Sophie Stackmann, Kompetenzzentrum Denkmalwissenschaften und Denkmaltechnologien (KDWT), Universität Bamberg
The conference Interrupted Spaces, Engineered Traditions took place on 30 June 2021 via Zoom and, within a dense one-day program, fruitfully addressed the question of what role spatial interruptions plays in the production of cultural and political identities. Despite its brevity, the conference gathered an impressive geographical as well as thematic range of presentations that created very different approaches to spatial interruptions. International contributions analyzed case studies from the United States, Asia and Europe. In doing so, the presentations demonstrated the complex effects that various forms of disruption can produce. These include both the physical and material consequences as well as ideological fantasies of power, such as propagating a reconstruction that surpasses what once existed. Each contribution shed light on specific constellations of political, social and cultural factors that acted as catalysts for the realization of long-term urban projects. The presentations painted a complex picture of the concepts underlying demolition and (re)construction as historically specific constructs, resilient yet flexible, that shaped and were in turn shaped by various political and ideological discourses over time.
The first panel drew on the role of urban spaces as archives for interruptions. In this panel, the speakers showed how urban development is connected with the interruption and reconfiguration of urban space putting an emphasis on urban development in Europe before and after World War II. Only the last presentation had a slightly different focus, deliberating about counter-mechanisms that undermine the intentions of urban planning which she talked about using a New York City example.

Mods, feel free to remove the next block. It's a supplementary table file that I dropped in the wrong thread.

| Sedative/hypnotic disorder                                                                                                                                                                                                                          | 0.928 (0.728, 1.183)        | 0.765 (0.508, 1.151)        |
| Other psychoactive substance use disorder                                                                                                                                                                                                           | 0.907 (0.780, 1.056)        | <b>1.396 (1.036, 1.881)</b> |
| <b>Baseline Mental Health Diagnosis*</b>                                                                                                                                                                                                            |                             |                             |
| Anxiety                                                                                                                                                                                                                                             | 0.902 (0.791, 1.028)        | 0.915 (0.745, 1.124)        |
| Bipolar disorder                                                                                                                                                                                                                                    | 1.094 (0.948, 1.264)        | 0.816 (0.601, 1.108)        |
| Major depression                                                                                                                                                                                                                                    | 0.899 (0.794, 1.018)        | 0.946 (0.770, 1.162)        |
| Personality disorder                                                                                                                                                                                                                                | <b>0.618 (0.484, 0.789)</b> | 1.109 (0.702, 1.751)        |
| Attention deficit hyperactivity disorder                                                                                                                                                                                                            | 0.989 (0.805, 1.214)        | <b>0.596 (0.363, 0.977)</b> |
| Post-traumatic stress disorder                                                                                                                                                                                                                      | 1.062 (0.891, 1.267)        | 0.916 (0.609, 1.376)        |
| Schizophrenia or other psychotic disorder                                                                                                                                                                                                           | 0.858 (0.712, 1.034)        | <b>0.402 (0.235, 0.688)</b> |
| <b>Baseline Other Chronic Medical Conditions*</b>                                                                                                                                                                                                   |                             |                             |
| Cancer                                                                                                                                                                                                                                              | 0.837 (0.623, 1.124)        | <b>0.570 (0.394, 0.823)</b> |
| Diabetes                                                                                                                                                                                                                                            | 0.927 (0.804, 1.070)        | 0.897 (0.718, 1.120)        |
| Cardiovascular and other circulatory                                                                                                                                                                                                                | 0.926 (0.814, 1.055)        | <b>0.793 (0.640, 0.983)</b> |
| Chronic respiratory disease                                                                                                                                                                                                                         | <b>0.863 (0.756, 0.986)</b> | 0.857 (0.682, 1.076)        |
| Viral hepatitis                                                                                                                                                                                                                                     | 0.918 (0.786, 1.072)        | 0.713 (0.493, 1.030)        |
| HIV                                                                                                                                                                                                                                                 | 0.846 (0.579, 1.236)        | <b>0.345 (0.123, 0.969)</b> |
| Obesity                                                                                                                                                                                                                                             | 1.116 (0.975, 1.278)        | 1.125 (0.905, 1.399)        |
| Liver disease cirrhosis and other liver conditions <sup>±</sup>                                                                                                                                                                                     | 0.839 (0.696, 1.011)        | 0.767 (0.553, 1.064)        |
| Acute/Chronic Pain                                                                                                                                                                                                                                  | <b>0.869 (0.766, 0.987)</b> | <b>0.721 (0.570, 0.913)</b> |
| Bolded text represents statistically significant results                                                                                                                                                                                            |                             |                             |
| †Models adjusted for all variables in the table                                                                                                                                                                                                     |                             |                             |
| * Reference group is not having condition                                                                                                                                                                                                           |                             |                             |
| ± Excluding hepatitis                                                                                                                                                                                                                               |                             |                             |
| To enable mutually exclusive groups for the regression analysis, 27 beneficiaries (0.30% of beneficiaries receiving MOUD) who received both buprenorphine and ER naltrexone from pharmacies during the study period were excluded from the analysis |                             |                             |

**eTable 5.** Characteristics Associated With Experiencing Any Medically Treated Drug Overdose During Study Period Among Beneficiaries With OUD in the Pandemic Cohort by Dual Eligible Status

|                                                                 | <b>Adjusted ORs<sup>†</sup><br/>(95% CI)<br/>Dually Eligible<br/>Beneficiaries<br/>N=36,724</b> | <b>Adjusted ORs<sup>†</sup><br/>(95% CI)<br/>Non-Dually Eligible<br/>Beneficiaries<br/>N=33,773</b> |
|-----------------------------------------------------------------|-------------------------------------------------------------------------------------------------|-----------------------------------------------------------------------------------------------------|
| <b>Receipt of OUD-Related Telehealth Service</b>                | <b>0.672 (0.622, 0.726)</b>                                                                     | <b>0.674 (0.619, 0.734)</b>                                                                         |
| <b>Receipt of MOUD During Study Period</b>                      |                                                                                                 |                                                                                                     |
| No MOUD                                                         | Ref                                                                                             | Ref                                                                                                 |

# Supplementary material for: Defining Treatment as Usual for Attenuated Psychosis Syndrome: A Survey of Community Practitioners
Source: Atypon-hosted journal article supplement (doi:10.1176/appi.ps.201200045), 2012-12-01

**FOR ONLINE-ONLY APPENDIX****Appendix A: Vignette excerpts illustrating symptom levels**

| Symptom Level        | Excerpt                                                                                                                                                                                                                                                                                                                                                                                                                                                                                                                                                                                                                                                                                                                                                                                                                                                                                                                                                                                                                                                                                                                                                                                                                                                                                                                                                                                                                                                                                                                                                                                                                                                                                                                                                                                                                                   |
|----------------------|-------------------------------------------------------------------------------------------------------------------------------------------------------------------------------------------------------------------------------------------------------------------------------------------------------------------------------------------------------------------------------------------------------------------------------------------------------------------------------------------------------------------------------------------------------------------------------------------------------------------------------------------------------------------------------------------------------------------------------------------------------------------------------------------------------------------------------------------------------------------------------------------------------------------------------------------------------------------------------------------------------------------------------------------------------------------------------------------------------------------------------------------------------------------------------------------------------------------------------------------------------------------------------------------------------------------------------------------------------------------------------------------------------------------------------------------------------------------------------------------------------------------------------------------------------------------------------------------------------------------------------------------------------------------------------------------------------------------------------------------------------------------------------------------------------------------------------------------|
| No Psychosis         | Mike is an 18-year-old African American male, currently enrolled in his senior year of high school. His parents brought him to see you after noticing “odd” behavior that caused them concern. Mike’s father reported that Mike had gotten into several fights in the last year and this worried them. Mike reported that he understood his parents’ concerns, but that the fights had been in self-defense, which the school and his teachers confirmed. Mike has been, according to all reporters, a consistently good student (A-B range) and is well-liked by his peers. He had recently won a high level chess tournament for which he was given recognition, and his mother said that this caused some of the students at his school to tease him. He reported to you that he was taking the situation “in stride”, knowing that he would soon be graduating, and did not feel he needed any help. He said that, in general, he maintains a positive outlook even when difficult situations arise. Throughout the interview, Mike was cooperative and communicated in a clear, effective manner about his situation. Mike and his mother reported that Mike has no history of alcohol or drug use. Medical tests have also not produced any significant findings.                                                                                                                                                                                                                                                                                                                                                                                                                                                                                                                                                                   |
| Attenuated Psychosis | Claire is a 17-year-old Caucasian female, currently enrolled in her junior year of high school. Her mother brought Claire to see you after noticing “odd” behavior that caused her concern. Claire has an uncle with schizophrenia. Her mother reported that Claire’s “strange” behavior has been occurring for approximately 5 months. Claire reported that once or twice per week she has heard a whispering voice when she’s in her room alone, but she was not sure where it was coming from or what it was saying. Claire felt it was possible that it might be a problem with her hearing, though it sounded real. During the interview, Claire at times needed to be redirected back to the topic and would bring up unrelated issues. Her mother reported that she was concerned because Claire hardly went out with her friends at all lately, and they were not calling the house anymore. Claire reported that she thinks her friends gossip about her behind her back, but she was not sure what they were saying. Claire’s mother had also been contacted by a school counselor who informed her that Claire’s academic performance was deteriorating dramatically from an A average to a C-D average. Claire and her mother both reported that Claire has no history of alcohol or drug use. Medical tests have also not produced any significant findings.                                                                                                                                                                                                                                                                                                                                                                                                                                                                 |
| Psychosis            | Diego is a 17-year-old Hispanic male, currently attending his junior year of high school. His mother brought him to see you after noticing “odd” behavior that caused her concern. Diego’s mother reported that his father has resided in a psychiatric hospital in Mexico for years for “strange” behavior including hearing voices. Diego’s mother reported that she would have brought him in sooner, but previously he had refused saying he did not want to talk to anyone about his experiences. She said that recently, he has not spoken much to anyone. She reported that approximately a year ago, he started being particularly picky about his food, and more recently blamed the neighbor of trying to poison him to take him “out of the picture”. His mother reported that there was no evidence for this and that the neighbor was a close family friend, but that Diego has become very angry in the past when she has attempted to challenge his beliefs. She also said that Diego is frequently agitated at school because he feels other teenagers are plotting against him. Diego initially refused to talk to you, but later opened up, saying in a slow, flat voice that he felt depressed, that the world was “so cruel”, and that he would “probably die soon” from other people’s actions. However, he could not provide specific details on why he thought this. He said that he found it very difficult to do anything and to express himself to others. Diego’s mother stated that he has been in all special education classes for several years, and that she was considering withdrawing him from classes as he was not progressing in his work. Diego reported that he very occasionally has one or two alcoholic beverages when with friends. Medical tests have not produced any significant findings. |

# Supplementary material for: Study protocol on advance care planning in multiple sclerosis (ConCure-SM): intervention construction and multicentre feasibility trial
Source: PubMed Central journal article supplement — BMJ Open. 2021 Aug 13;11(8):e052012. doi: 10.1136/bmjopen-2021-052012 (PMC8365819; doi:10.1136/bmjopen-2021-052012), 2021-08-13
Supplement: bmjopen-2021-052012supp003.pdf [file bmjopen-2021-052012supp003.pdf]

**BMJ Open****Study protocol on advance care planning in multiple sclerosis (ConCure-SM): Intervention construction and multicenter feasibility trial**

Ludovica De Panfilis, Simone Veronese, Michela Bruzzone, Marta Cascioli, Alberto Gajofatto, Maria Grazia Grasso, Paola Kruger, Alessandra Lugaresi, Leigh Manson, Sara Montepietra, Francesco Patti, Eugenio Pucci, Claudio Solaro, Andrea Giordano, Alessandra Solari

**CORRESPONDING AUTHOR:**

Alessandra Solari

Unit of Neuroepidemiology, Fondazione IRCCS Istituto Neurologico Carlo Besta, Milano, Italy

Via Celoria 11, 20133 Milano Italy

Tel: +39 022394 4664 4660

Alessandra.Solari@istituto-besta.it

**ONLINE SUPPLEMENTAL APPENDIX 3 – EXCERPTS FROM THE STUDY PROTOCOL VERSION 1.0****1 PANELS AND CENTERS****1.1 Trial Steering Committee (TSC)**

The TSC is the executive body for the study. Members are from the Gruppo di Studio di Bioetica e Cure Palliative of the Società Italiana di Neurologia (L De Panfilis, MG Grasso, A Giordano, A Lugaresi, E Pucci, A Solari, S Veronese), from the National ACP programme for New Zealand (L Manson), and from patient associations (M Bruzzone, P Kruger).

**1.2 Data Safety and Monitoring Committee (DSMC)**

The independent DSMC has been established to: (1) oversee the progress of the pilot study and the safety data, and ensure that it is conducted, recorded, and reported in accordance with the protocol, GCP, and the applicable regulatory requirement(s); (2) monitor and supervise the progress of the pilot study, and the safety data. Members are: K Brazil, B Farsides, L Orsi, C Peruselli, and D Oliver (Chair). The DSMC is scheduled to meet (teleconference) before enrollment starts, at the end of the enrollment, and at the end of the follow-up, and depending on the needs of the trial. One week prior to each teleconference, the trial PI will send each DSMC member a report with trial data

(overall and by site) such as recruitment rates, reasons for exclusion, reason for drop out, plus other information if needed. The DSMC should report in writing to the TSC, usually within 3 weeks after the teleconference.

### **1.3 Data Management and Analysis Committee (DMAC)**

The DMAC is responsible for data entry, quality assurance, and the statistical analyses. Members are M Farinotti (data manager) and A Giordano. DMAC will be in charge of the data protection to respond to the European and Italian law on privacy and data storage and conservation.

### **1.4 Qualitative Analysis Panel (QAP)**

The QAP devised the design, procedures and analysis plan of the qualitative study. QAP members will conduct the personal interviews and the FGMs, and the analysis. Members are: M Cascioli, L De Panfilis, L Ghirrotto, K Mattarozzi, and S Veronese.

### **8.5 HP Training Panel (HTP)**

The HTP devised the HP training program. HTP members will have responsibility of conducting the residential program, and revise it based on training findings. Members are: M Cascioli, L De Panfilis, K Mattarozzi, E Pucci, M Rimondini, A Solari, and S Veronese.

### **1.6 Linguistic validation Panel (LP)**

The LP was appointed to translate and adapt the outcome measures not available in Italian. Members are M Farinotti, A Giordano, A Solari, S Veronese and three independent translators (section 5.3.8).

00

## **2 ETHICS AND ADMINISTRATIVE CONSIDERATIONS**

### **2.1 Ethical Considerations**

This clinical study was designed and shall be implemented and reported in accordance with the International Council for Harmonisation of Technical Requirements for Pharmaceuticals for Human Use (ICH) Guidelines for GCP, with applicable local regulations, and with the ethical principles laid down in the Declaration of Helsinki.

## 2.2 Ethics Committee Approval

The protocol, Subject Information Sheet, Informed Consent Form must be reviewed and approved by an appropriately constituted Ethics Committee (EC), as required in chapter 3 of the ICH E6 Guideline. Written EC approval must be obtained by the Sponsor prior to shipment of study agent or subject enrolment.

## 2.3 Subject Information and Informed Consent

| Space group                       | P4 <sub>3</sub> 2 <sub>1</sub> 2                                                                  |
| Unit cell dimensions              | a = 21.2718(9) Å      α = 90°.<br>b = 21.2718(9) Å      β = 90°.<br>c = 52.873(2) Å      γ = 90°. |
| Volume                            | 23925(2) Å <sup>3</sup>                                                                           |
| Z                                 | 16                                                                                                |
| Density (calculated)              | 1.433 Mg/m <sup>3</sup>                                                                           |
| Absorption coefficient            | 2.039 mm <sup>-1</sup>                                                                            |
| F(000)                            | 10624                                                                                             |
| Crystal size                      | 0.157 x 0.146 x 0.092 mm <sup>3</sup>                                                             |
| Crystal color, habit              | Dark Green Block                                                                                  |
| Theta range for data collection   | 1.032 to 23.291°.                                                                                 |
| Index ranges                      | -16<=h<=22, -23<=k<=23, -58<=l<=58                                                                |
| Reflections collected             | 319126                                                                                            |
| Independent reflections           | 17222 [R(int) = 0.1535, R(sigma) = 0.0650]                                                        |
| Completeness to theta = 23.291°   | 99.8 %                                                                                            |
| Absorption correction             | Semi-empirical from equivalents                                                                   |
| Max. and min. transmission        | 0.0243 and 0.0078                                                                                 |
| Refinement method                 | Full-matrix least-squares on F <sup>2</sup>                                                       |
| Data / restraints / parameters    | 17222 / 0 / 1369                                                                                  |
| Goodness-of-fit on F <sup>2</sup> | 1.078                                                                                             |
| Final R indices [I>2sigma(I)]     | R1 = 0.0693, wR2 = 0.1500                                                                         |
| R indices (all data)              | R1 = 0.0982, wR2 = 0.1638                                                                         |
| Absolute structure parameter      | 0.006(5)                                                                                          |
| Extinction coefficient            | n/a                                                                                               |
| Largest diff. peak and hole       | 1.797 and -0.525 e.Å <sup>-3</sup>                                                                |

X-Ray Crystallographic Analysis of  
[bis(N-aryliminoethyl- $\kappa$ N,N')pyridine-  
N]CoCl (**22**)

LORENZO GRIECO (Rome / Canterbury) presented the results of a recent cooperation with Maria Grazia D’Amelio (Rome) and described in his lecture how during Italian fascism different urban planning projects were created to stage the power of Benito Mussolini and his political regime. These plans took little account of existing streets or residential development. According to Grieco, urban planning interventions were intended to create a “modern reinvention of a past topography”.
DANIEL HADWIGER (Erkner) showed how German occupants used the negative image of the Marseille port district as a problem district to justify the radical demolition of an entire neighborhood and disguised the social cleansing as an overdue action in line with earlier planning objectives. The old port district was reconstructed between 1945 and 1958 integrating historical architectural elements into contemporary design. The result was a moderate reconstruction in comparison to other French cities. Still, Hadwiger underlined that though the demolition and reconstruction of the port aimed at erasing the negative image of the area, the prejudices remained and only moved spatially to the suburbs of Marseille.
CARMEN ENSS (Bamberg) dealt with Germany´s destruction during World War II and how it was interpreted differently in the context of reconstruction supporting different interests. Enss presented the thesis that reconstruction planners and emergency organizers determined where old structures would continue to exist and where long-term spatial disruptions were made. The decisions specifically helped to overwrite the past in order to obscure unwelcome memories, emphasize other memories, or even introduce entirely new traditions. Enss illustrated the different results and intentions behind the planning of the reconstruction on the basis of Munich, Leipzig and Nuremberg. Enss concluded in particular that an intact historic townscape does not mean that there were no bad damages. Rather, in reconstruction, urban planners generated zones of tradition in which curated construction took place. The new “old towns” were just as much modern spaces as visibly modern architecture.